It’s challenging because the betrayed spouse is experiencing agonizing pain and has a natural reflex to turn toward their spouse as a source of comfort. They also have an equally strong reflex to turn away from their unfaithful spouse because they’ve now become a source of pain. This is an agonizing emotional tug-of-war that no spouse should ever have to endure.

You are asking for validation and understanding about this dilemma of desiring healthy sexual connection while living in a relationship that doesn’t provide a bridge to any form of healthy connection. You want to live with integrity and honor the reality of your painful marital situation but still reconcile the powerful physical desires that don’t disappear just because your husband hurt you.

I remember one betrayed woman telling me that she wanted to make love….just not to her husband. It felt so unfair to her that this part of her life was taken away from her because her husband created conditions where she couldn’t safely express these sexual desires with him anymore. Please know that you’re not alone in these feelings. In fact, many women feel these longings even more powerful in the aftermath of betrayal because they are seeking for the comfort and reassurance that sexual intimacy offers.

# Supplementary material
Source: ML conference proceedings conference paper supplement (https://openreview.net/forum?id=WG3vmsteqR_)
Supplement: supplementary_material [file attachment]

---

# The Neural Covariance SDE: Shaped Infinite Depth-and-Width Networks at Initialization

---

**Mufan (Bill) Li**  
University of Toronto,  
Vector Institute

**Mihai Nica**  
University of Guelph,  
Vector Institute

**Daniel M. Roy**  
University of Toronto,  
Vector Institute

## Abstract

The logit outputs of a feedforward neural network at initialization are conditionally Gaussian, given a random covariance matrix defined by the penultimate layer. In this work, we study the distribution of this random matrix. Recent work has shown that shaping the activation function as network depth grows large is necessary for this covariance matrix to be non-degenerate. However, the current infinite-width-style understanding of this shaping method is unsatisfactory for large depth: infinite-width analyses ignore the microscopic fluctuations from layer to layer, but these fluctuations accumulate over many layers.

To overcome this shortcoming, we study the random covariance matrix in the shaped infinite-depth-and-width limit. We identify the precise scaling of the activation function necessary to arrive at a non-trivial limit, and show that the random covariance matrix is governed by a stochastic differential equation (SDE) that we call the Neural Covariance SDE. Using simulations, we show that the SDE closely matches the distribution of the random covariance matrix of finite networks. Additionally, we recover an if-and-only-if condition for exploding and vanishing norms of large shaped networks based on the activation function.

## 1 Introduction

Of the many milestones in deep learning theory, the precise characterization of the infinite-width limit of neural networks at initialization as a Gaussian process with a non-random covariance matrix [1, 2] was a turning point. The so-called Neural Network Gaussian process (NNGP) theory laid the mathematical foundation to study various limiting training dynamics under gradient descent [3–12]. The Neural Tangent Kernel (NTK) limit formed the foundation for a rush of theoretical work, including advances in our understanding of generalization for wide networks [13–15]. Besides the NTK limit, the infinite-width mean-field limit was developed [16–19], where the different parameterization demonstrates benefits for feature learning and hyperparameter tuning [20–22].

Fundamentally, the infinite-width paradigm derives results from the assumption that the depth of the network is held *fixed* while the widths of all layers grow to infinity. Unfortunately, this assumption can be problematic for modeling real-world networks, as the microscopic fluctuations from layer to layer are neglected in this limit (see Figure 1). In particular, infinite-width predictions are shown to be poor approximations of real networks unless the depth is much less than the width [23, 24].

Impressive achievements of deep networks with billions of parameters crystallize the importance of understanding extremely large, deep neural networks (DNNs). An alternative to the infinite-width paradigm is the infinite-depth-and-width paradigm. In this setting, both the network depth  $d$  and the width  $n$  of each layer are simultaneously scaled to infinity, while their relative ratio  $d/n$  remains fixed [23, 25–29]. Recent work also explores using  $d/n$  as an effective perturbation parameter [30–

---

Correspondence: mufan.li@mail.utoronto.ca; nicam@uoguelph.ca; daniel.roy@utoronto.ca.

You are choosing to have sexual integrity and not act on these desires outside of the covenant of marriage. Even though these desires are natural and healthy, you already know the pain and suffering that befalls us when used outside of their intended context. Elder Jeffrey R. Holland described our sexual longings as the “highest of all physical gratifications [we] were designed and created to enjoy.” He said these desires are “as natural as [they are] appealing”, and that they were “given of God to make us like God.”[i] Your longing to experience sexual connection is an essential part of your eternal journey and, as you identified, doesn’t necessarily disappear in the aftermath of betrayal.

Even though I want to share some thoughts about how to cope with the pain of these unfulfilled longings, please know that I don’t minimize the entirety of the arduous journey you’ve been on for over a decade. We are designed to be bonded to another physical human being and you’ve been starved of that physical connection for way too long.

Your situation brings to mind a story Elder David A. Bednar shared about two men who stayed behind in Wyoming to safeguard the possessions of the rescued handcart pioneers. These men had run out of food and prayed that their stomachs would adapt to the few pieces of inedible cow rawhide that remained. Miraculously, their bodies were adapted to their circumstances and they were able to survive the remaining time until additional supplies arrived. Elder Bednar commented that their leader, Daniel Jones, “did not pray that his circumstances would be changed. He prayed that he would be strengthened to deal with his circumstances.” He then taught that, “the enabling power of the Atonement of Christ strengthens us to do things we could never do on our own.”[ii]